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Bernie Sanders courts black voters at roundtable in Brooklyn

Democratic presidential candidate Bernie Sanders speaks at First

Democratic presidential candidate Bernie Sanders speaks at First Unitarian Congregational Society in Brooklyn on Saturday, April 16, 2016. Credit: John Roca

Democratic presidential hopeful Bernie Sanders campaigned at a Universalist church in his hometown of Brooklyn on Saturday night, a “Faith and Social Justice Roundtable” moderated by a black intellectual, a Muslim activist and a woman rabbi.

Seeking to pierce Hillary Clinton’s firewall of black support in the final weekend before New York’s primary Tuesday, Sanders filled every pew of the First Unitarian Congregational Society nave in Brooklyn Heights with a multiracial audience of supporters who chanted “Bernie! Bernie!”

“We owe a debt of gratitude to the Black Lives Matter movement,” Sanders said, assailing the United States for imprisoning the most people in the world, arresting more blacks for marijuana disproportionately to white use and being a place where “too often, police officers break the law with impunity.”

The race with front-runner Clinton, the former first lady and Obama administration secretary of state, in the Democratic battle is far closer than was expected when the U.S. senator from Vermont began his bid. Sanders has won eight of the last nine primary contests.

The two have staked out policy positions to the left on issues related to black people, including police-on-civilian violence, mass incarceration and the legacy of slavery and Jim Crow laws.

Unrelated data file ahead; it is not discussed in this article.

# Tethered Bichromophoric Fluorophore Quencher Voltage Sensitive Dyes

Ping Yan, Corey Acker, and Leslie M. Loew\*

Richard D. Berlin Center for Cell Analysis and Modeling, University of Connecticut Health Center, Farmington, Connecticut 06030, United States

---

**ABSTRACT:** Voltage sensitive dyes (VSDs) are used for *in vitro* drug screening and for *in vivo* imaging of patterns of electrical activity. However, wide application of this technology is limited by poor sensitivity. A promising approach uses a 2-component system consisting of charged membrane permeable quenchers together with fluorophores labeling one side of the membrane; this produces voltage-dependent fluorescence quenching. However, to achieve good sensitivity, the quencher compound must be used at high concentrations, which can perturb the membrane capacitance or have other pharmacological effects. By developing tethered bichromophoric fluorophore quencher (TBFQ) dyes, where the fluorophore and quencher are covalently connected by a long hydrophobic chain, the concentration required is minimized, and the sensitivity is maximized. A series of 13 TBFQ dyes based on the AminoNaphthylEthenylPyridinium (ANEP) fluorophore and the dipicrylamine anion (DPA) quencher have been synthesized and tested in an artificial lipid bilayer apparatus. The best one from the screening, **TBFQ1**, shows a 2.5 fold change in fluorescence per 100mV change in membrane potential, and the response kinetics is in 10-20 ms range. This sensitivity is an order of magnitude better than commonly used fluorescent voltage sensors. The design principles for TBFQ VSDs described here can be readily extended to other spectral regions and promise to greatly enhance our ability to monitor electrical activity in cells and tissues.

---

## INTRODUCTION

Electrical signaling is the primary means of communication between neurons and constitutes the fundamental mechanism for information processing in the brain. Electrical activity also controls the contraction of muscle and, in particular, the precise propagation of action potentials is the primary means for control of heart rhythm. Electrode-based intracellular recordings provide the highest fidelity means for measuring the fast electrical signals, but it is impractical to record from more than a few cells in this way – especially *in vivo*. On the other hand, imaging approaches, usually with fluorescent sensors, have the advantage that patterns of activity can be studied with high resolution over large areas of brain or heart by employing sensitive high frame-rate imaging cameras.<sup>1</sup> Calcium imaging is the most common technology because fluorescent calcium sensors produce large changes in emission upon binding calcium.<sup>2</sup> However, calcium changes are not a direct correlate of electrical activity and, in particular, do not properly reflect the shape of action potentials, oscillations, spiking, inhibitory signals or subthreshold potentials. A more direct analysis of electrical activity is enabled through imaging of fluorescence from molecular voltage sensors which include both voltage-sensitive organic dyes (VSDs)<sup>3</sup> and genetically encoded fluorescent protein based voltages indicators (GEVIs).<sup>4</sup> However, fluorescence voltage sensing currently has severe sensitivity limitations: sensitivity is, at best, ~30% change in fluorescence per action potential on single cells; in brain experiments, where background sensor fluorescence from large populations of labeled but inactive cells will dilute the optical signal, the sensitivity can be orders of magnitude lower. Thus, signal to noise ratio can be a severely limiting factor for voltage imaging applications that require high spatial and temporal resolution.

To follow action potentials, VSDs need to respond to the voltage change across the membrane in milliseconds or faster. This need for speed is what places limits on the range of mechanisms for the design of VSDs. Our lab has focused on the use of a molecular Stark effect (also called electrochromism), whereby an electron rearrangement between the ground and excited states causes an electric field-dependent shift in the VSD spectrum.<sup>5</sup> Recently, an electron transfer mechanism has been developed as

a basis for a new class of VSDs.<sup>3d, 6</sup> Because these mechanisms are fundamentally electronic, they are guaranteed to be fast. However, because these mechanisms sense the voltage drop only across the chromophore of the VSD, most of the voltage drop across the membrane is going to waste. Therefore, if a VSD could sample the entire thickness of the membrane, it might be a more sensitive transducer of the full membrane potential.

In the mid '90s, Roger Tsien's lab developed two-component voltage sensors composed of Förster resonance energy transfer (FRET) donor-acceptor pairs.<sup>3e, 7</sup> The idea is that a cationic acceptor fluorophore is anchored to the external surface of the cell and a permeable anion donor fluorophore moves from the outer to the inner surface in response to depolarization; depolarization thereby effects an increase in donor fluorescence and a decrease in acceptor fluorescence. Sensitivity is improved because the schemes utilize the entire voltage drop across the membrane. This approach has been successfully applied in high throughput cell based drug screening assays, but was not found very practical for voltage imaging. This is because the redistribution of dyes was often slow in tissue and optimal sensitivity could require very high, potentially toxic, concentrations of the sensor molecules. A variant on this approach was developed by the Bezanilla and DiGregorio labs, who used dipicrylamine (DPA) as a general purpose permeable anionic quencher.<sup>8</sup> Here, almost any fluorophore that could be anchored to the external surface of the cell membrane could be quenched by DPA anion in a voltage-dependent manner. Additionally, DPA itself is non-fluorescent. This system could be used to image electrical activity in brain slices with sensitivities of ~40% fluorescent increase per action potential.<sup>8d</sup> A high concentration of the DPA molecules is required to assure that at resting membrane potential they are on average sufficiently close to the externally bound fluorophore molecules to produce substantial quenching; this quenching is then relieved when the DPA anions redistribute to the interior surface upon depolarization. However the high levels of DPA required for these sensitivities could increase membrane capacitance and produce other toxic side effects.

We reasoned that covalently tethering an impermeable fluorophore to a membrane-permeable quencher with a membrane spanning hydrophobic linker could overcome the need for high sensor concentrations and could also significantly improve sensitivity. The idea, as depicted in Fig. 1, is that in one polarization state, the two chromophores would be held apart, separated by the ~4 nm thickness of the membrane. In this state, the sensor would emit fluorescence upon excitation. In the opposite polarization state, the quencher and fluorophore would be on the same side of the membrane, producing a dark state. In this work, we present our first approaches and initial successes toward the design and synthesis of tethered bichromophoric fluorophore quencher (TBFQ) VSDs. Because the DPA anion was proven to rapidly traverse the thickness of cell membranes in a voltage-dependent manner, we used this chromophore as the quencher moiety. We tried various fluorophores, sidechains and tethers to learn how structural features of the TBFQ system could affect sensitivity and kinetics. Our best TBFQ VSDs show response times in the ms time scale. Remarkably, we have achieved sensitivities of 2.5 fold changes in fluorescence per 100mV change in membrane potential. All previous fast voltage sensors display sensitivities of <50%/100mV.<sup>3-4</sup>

Saturday night’s forum, which began just after 8 p.m., featured intellectual Cornel West and the Muslim activist Linda Sarsour, executive director of the Arab American Association of New York. West and Sarsour are in Sanders’ camp.

The Rev. Al Sharpton, who was scheduled to be a moderator too, failed to show up. Longtime Sharpton spokeswoman Rachel Noerdlinger tweeted Saturday night that Sharpton couldn’t attend: “No snub just scheduling.” Rabbi Sara Luria took Sharpton’s place.

West said the message espoused by “Brother Sanders” sounds like Martin Luther King Jr.’s.

Clinton held a 13-point lead over Sanders in an opinion poll by Quinnipiac University released last week, a lead bolstered by black voters’ support. But Clinton’s support overall has eroded in New York, the adopted home state that she represented in the U.S. Senate for eight years.

According to Quinnipiac, black voters favor her over Sanders 65 percentage points to 28 percentage points, while overall support is 50 to 45 in her favor.

Sanders’ appearance came hours after he returned from Rome, where he met with the pope. In a statement, the pope said the meeting didn’t necessarily suggest an endorsement, only courtesy.

Sarsour and West knocked Clinton’s campaign for calling Sanders supporters unrealistic, too idealistic and not pragmatic.

Sarsour said, “People often make this assumption that somehow as a Muslim I can’t support Bernie because he’s a Jew. But people don’t understand the similarities in the very core tenets of Judaism and Christianity and Islam.”

Said West, who said Sanders “is not for sale”: “He’s the real thing . . . We know the difference between the original and the imitation.”

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